Wheelchair Access Report from RTE The Late Late Show (April 2017) in our Video Page
And a related article
from the Irish Times April, 2017
“Able-bodied people in wheelchairs to appear on the Late Late Show. Is it a gimmick?It’s just more non-disabled people telling us what we already know: this world is not built for disabled people.
When you have lived a lifetime with a disability, you acquire, as Liam Neeson says in Taken, a particular set of skills. As a wheelchair user, I know the lumps and bumps of every pathway in Dublin’s city centre. I know which pathways end abruptly, without any lip down to the road, and I know where the cobblestones – an enemy to anyone with wheels or high heels – appear. This knowledge comes from living my entire life with a physical disability and it’s not something that you can understand in 24 hours.
Tonight (April 2017)on The Late Late Show,TV presenter Kathryn Thomas and former Irish international footballer Kevin Kilbane will be telling us what it’s like to be in a wheelchair for 24 hours. I can only assume that they discovered that wheelchair bathrooms are a rarity and that second latte at lunchtime was a mistake if the nearest wheelchair bathroom is two streets over via two cobbled streets, one narrow footpath blocked up with bin bags and sandwich boards and one old woman stopping you to say that you are in her prayers.
I can only assume that they learned in a busy pub, to get from the front door to a low table, they have to crank their voices up to a mild roar, repeatedly saying ‘excuse me, can I get by?’ only to be ignored until you tap them three times on their lower back. I assume that it took them 10 minutes to move 10 feet because if you move at waist level, no one can see you. And if you want to be heard, you need to shout. You need to shout more than once.
The use of non disabled people to demonstrate the issues that disabled people face every day is not a new concept. It’s something that’s carted out in the media a few times a year. When Anton Savage was in the bosom of Today FM last year, he spent a day in a wheelchair for his then radio show. “No offer of help. 50 yards of cobbles,” he tweeted.
Now, if you were to see Anton Savage, well known and well recognised Anton Savage, wheeling down a cobbled street in a terribly expensive suit, you’d certainly wonder what he was up to. I’m not sure you’d rush over to help him either. This could be for a candid camera show after all. His experience is not a true reflection of what it’s like to be a wheelchair.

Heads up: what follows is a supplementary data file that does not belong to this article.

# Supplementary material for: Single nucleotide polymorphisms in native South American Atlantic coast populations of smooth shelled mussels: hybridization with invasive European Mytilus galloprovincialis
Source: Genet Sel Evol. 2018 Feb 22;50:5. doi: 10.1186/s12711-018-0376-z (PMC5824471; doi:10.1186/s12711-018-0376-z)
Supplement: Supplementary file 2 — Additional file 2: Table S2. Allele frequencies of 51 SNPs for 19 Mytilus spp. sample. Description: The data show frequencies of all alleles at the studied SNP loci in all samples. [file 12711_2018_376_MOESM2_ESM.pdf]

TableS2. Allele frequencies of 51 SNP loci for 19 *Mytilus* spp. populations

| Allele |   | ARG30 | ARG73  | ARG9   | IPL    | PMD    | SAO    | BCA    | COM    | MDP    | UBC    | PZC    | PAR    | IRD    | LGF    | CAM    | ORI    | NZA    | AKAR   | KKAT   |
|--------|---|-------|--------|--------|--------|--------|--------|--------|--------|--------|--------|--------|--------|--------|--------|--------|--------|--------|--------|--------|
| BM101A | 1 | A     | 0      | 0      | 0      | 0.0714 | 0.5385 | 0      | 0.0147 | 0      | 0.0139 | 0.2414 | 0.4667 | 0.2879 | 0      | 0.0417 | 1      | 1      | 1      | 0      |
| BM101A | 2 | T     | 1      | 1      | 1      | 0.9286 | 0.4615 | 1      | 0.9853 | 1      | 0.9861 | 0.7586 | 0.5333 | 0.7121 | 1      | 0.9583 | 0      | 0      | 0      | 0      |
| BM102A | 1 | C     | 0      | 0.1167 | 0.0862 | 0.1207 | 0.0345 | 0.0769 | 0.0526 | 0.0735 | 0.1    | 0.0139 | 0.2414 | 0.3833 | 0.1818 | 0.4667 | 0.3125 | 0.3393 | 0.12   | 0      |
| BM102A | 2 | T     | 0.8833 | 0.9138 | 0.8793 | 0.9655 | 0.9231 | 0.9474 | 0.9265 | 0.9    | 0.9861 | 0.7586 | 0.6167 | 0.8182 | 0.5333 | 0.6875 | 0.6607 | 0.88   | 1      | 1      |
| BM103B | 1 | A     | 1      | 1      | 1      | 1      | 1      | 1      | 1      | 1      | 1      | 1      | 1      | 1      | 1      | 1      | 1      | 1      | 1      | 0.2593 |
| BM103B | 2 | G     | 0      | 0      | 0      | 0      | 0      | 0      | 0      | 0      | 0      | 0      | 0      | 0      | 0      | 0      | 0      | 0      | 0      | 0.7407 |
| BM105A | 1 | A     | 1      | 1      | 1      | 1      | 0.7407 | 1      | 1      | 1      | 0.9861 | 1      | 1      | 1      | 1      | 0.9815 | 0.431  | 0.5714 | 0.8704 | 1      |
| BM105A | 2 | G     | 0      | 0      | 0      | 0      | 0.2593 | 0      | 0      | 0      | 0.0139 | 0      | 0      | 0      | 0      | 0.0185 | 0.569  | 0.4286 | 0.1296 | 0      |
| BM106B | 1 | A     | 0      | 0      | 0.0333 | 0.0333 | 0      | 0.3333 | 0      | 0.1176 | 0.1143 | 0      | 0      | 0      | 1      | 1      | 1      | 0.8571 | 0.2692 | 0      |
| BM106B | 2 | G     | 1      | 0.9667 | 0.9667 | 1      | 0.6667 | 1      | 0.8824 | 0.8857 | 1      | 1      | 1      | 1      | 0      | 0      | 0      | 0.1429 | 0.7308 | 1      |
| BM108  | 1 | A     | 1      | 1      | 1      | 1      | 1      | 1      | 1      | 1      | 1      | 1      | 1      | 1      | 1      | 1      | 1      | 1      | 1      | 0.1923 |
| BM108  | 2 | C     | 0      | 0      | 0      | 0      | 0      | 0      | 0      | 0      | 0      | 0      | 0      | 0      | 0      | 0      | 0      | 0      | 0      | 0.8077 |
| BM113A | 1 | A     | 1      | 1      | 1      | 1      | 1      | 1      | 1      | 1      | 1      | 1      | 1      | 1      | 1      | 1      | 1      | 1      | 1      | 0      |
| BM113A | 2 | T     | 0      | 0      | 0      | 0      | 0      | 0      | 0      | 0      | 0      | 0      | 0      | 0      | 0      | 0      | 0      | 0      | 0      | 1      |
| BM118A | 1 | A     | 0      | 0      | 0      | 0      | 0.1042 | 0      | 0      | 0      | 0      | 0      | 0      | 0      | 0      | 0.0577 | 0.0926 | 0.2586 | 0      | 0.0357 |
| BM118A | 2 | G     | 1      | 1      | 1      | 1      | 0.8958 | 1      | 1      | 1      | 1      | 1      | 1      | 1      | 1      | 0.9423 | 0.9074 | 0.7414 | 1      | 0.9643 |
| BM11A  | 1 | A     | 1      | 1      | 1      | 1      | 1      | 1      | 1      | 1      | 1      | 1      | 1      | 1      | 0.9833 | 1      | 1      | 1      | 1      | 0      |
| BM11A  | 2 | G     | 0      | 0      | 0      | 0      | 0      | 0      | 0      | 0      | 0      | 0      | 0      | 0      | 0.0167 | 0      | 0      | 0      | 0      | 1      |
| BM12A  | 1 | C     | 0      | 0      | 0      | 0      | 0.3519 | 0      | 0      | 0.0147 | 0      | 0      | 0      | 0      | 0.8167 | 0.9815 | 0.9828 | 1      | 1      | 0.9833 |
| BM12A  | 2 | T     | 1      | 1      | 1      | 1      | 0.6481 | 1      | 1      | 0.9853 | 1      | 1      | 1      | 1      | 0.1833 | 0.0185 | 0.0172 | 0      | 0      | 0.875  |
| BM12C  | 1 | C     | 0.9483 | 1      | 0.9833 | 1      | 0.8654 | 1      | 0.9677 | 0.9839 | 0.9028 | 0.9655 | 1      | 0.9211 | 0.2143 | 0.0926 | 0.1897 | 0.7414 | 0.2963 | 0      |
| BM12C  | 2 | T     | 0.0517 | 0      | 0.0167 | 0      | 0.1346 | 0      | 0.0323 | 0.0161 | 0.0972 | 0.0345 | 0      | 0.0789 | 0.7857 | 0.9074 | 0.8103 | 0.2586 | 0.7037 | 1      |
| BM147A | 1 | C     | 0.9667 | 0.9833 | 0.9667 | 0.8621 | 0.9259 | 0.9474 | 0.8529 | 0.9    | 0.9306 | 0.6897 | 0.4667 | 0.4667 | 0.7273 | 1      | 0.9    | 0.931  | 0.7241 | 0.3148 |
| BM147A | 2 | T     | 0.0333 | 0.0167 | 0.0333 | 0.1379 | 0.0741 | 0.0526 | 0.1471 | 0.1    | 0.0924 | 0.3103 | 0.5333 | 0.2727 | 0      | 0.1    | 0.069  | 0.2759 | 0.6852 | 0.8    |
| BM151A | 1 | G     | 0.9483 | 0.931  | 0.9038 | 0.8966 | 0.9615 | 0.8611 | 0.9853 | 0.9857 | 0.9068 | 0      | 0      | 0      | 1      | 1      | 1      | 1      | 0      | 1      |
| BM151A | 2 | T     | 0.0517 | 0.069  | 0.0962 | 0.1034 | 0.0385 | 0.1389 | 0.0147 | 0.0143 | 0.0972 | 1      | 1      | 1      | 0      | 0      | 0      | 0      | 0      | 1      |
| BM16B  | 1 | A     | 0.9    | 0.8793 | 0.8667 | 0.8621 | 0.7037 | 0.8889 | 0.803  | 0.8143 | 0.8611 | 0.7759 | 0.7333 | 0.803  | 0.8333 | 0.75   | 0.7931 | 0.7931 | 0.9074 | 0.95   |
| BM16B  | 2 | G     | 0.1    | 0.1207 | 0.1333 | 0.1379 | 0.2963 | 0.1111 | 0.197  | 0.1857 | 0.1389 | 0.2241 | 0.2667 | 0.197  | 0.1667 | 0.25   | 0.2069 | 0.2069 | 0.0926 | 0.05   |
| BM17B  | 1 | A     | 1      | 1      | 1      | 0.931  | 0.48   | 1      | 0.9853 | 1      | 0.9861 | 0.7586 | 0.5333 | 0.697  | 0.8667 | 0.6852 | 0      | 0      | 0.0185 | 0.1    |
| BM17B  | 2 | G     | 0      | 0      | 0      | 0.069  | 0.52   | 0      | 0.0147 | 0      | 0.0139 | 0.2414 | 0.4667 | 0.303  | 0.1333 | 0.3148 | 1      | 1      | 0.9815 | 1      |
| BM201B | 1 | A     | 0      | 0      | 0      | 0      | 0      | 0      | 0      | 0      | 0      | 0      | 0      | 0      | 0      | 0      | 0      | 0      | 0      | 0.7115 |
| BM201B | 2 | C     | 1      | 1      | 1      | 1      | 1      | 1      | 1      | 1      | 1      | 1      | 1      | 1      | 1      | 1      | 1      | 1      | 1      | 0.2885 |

24 hours in a wheelchair is not a realistic way to learn about disability or what it’s like to be a wheelchair user. I wrote a similar piece a number of years ago for this paper, A disability for a day, a piece that I’ve come to regret writing. I was young, naive and not sure of what my own disability meant to me. I was coming to terms with my disabled identity and I didn’t have the cop on to realise that I did not need to put an non-disabled person in my shoes – or wheels, as it were – when I have a voice of my own. A voice that’s used to roaring because that’s the only way I can be heard.
My disability since birth has seen me navigate these streets as a crutches user and a wheelchair user. I know what tiles become danger zone when it’s wet and which lifts are out of order more often than they’re in use. I know that wheelchair users are more likely to get stranded on the last train into Heuston Station at night than you are to win €2 on a scratch card. I know that people will pat you on your head as they ask your friend, who they’ve mistaken as your carer, if you’d like milk with your tea. All of these things can happen in 24 hours or over the course of a year but the impact that they have affects your confidence and your thoughts. That’s the real experience and you won’t get that if at the end of 24 hours, you can stand up and walk away.
Joining Thomas and Kilbane on The Late Late line up is Stephen Cluskey, a wheelchair user himself but his experiences should be heard without a celebrity endorsement. Almost every minority group in the world has been subjected to A Day In My Shoes piece, even though we have millions of voices raising very different and very real subjects across the world every single day. Unfortunately, in our case, these issues aren’t taken very seriously until a non-disabled person comes along and tells us what we already know, that this world is not built for disabled people.
These pieces are a gimmick and if they help change the minds of a few people, then that is great, but they remove us from the discussion. By doing this, we are passing the baton and the opportunity to go deep into the experiences of a wheelchair user is missed. We can only ever reach surface level of the real issues when it’s packaged this way and it’s time that we went deeper than that.”